Right now, we are seeing hybrid cars that 20 years ago would not have been feasible. I'd say that they are "almost economically feasible" at this time, because the extra price you pay cannot be made up for in fuel saved.

This means that hybrid cars will need to be made more efficiently (and I trust that economies of scale will help) in order to be a real economic alternative -OR- the price of gasoline will have to rise.


This is all the opinion of a NONeconomist ... take it for what its worth.

James Elliott said...

'd say that they are "almost economically feasible" at this time, because the extra price you pay cannot be made up for in fuel saved.

Depends on the hybrid you buy. A Civic or Prius hybrid costs around $20,000 and will save you approximately $2,000 in gas annually. It will also last you about 10 years of running, if not more, with little maintenance. That saves you, over a decade, $20,000. That's the price of another car.

Hunter Baker said...

We're going to see a repeat of the 80's oil-wise. A big spike in oil prices (see late 70's, see now) will lead to a big consumer movement toward smaller and/or more efficient cars. Plus, more oil will be exploited that was not worth getting earlier. Then, there will be a glut in the supply. And prices will drop substantially.

I do think the electric car and hybrids will become more prevalent. It's fine with me. The states won't like it until they figure out how to replace lost revenue. But the gas vehicle won't go away for good until the cheap oil supply is truly gone. And that may be never, particularly if the Middle East ever gets it sh-- together.

Tlaloc said...

"To expand, this means that at some point, the cost of extraction will be so high that capital will flow into the energy sectors that will begin to have a cost advantage over oil."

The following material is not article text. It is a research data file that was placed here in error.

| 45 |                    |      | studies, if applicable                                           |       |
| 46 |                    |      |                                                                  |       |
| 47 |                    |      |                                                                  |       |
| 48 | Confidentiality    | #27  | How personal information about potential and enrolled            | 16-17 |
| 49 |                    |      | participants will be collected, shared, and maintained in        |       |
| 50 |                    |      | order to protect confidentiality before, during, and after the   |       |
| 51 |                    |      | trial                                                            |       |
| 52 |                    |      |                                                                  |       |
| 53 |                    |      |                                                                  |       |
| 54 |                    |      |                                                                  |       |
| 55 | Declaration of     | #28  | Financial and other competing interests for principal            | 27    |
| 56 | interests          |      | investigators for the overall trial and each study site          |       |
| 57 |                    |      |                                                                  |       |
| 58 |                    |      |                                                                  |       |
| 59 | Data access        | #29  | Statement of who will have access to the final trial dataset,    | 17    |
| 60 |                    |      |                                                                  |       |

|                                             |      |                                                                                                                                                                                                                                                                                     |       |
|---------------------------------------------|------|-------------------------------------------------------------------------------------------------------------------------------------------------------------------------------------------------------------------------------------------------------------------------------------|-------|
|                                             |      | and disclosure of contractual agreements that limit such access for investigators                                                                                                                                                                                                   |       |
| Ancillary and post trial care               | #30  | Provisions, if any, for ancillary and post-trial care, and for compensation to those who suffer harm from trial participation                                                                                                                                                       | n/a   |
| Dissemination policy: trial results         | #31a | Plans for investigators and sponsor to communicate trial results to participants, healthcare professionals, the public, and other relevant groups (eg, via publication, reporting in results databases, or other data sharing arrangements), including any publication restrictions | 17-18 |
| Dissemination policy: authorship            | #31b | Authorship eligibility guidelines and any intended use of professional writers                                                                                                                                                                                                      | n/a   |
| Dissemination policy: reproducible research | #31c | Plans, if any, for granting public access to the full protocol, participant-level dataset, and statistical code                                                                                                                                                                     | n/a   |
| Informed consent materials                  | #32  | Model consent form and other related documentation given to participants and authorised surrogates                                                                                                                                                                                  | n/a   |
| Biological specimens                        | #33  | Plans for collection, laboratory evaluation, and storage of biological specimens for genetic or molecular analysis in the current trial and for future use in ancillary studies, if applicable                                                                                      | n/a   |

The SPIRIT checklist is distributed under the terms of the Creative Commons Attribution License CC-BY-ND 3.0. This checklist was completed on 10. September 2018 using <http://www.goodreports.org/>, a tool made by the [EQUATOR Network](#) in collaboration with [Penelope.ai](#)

The problem CLA is that our entire infrastucture is so critically dependent on oil that we won't have the time to build the massive new infrastructure needed for whatever new energy source they come with (besides which there is no energy source we can use to replace oil that doesn't have just as severe a drawback).

It takes time and money to completely convert the world from one energy source to another. It's not like you can just dump plutonium into the oil refiner if you decide to go nuclear.

Tlaloc said...

"The article says there are two factors:
1. Higher prices.
2. Recent technological advances.
The second might undercut the dynamic you suggest."

It might but the problem is that with oil going up that means all the industries that have to play a part in new innovation are getting squeezed as well. See there are a handful of industries that are so universal that any disruption of them affects everything else: power and communications are the only two I can think of off the top of my head. A single worm can cause billions of dollars of damages and that only affects one aspect of communications.

Oil and coal and Natural gas on the other hand are it as far as any meaningful power generation. Nuclear is so far down the list it might as well not even exist. All three are at or close to decline. That means we can't suddenly depend on coal to save us from our oil shortages. Or NG to save us from our lack of the other two.

As a result this innovation to make extracting shale oil so much cheaper is going to have to come under some pretty adverse conditions. And even if it does come it means only an extension towards when the bill comes due for over reliance on oil.